From time to time, we share some of the comments we receive on columns.
I would recommend a land management company. You can find an independent one or go through the trust department of a bank in the area where the land is located. Yes, there would be a management fee, but that is often based on the size of the land and the entity that is handling the service. These companies usually do a better job of overseeing the work of the tenant on their behalf. An individual farmer might not keep the overall condition in mind and make decisions on only their interest.
Depending on where the 200 acres are located for the person who wrote in to you, they could receive some income from the property instead of selling it. We have done this for decades with land we own in Illinois, and it is a very satisfactory arrangement. The land stays in the family, we are able to receive income, profits are used to help maintain and improve the land for future use, and it will be there for other generations.
Ilyce and Sam respond: Thank you for the great suggestions. We hope our readers find it useful.
Comment from reader: Just read your article about a home sold with no septic system. The buyer said that the seller was a building inspector, not a home inspector. Likely they meant the seller worked for the municipality, and not a private home inspector performing pre-purchase home inspections. Still, the seller should know if there was a septic system. Believe it or not, determining if a home has a septic system or city sewer is not within the scope of a home inspection.
Also, the listing agent may have “coached” the seller through the disclosure. I’m sure the odor of the sewer wafts over the property on a nice warm day and everyone was aware.
Why didn’t they have a septic inspection? An absolute must, even if an “as is” sale. The selling agent should have proposed that (especially on an older home). If not, I think it’s professional negligence. Just thought I’d throw in my two cents as a 30-year ASHI [American Safety and Health Institute] certified home inspector.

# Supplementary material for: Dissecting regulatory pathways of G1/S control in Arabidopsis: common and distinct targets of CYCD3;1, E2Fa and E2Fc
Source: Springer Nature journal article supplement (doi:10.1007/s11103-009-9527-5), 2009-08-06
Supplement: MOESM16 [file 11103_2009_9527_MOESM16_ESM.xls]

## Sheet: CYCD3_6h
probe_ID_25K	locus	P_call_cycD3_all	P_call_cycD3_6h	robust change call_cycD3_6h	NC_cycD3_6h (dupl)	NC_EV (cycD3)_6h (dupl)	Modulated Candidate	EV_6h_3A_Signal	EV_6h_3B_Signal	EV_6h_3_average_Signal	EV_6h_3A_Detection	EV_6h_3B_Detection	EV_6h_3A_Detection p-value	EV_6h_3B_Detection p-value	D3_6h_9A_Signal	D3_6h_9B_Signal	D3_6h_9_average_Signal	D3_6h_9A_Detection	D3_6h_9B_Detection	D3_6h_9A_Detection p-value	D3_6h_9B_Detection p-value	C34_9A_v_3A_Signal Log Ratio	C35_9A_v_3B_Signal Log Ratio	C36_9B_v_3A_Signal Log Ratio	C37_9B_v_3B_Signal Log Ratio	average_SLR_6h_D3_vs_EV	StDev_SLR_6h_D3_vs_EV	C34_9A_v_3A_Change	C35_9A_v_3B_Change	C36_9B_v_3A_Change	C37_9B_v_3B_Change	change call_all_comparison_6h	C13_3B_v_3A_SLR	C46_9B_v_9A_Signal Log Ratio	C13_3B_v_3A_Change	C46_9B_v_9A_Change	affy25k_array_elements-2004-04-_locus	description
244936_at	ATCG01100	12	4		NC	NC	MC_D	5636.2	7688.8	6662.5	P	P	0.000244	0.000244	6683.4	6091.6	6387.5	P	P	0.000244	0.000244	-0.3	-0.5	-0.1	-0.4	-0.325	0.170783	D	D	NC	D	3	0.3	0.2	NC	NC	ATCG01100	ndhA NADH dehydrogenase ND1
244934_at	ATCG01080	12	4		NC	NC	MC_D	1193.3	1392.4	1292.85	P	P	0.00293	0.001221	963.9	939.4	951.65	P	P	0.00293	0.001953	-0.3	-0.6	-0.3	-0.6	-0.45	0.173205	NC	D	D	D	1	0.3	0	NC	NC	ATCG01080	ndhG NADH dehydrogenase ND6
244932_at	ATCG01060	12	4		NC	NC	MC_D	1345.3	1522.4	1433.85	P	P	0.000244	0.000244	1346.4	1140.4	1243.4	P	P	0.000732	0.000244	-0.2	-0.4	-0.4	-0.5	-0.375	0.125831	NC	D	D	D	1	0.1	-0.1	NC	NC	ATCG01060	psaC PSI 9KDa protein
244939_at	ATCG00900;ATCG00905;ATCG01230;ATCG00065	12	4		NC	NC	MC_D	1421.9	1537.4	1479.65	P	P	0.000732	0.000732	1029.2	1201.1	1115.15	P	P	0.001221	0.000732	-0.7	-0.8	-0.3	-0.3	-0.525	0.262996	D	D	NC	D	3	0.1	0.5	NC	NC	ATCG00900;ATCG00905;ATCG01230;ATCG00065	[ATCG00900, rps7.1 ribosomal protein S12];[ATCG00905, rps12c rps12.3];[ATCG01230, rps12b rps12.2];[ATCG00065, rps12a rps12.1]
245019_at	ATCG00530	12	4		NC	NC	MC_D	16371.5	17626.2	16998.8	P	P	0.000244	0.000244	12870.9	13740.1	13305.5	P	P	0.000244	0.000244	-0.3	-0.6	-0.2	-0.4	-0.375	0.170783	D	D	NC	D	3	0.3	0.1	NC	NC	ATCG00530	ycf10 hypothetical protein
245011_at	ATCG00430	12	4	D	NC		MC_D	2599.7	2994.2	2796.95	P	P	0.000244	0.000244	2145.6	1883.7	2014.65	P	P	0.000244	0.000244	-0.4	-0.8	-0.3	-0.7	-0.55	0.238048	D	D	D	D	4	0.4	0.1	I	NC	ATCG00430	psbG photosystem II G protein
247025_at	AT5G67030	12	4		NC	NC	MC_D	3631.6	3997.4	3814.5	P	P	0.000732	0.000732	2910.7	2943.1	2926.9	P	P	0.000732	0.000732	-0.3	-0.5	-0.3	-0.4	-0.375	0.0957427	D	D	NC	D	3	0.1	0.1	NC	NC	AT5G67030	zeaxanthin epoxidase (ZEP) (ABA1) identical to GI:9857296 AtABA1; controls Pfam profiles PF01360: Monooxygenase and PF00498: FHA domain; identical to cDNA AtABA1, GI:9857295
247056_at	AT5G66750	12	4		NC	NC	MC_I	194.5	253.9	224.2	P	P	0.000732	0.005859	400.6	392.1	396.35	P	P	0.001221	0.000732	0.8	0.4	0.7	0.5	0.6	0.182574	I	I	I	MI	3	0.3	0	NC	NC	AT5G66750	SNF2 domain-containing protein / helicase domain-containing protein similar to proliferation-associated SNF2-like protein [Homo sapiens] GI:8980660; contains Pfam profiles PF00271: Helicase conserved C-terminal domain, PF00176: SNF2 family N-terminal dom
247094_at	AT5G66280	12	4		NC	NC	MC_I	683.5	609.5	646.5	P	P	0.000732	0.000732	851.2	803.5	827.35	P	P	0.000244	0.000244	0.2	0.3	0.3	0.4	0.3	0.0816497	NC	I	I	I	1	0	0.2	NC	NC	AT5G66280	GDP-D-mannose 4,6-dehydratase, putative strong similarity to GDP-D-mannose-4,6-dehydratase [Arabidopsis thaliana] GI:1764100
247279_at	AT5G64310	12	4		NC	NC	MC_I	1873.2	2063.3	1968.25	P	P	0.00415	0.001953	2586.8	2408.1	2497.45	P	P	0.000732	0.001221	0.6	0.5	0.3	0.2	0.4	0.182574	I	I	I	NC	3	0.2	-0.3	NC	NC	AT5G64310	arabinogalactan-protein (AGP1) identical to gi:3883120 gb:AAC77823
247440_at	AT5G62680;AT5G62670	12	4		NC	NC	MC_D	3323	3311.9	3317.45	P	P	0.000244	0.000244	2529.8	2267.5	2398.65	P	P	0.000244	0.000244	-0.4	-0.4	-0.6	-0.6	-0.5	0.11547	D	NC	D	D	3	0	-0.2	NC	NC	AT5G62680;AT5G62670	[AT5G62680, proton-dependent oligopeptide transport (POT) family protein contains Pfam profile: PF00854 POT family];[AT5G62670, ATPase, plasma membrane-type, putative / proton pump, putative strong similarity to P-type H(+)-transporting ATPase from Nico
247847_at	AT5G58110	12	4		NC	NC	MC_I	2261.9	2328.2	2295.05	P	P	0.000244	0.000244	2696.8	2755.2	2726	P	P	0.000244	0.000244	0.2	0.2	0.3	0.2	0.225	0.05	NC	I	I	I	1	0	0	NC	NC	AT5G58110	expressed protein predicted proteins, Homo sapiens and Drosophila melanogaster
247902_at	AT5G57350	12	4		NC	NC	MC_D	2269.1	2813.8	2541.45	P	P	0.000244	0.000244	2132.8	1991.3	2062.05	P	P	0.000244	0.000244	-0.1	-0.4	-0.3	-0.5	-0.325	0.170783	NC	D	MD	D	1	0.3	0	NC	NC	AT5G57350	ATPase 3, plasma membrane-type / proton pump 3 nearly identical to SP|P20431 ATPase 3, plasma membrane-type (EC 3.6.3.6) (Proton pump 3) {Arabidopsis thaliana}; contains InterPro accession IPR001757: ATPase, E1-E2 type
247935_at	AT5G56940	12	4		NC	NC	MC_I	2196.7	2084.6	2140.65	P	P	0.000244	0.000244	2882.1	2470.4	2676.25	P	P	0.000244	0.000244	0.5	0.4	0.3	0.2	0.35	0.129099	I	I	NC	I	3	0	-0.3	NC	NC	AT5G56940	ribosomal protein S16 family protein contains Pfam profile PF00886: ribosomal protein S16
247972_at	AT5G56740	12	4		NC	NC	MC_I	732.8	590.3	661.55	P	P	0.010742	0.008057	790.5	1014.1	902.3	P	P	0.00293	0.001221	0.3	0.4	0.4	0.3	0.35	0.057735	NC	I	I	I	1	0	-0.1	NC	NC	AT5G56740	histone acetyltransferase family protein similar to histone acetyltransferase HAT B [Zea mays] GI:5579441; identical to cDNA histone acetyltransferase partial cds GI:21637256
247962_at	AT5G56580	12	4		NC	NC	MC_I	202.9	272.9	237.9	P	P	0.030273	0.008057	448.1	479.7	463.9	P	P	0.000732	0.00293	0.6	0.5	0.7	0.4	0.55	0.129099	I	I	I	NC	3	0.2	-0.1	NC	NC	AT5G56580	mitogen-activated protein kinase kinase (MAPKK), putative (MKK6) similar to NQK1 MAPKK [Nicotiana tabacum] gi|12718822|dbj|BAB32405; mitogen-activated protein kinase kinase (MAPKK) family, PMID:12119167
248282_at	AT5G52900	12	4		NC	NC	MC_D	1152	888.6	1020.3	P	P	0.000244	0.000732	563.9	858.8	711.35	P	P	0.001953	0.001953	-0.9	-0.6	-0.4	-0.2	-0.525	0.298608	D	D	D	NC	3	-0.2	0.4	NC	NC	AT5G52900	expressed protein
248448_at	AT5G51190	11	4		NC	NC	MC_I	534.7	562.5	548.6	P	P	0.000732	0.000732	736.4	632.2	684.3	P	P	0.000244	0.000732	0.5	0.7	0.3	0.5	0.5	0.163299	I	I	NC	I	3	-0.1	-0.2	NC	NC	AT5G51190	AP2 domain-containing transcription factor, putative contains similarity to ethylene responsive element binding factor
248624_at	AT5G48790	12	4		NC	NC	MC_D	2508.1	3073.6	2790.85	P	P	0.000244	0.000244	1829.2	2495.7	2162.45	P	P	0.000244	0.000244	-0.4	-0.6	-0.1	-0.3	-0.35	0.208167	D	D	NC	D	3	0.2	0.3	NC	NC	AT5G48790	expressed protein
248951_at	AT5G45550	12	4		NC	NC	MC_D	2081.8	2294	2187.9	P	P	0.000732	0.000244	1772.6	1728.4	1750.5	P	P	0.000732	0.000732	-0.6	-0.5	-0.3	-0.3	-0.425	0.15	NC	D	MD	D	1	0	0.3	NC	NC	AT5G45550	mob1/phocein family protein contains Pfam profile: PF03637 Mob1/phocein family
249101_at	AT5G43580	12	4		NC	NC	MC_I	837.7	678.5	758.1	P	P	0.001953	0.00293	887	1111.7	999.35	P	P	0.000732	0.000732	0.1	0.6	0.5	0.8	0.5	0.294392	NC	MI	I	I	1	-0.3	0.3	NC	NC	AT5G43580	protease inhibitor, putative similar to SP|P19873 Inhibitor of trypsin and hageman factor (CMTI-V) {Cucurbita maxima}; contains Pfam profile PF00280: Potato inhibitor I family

Ilyce and Sam respond: Thanks for your comments. Whether the home was owned by a home inspector or a building inspector, either would have or should have known that their home did not have a septic system and that raw sewerage was dumping off the property. We agree that the homeowner should have had a septic inspection.
You mentioned that home inspectors do not inspect septic systems. That is true. But in just about all home inspection reports, Sam sees a note about whether the home has a septic system or is served through a municipal system. Whatever sort of inspection the buyer had, it’s our belief that the seller knew more than he shared. And the buyer was left holding the bag.
Ilyce Glink is the author of “100 Questions Every First-Time Home Buyer Should Ask” (Fourth Edition). She is also the chief executive of Best Money Moves, an app that employers provide to employees to measure and dial down financial stress. Samuel J. Tamkin is a Chicago-based real estate attorney. Contact them through the website, BestMoneyMoves.com.
©2022 Ilyce R. Glink and Samuel J. Tamkin. Distributed by Tribune Content Agency, LLC.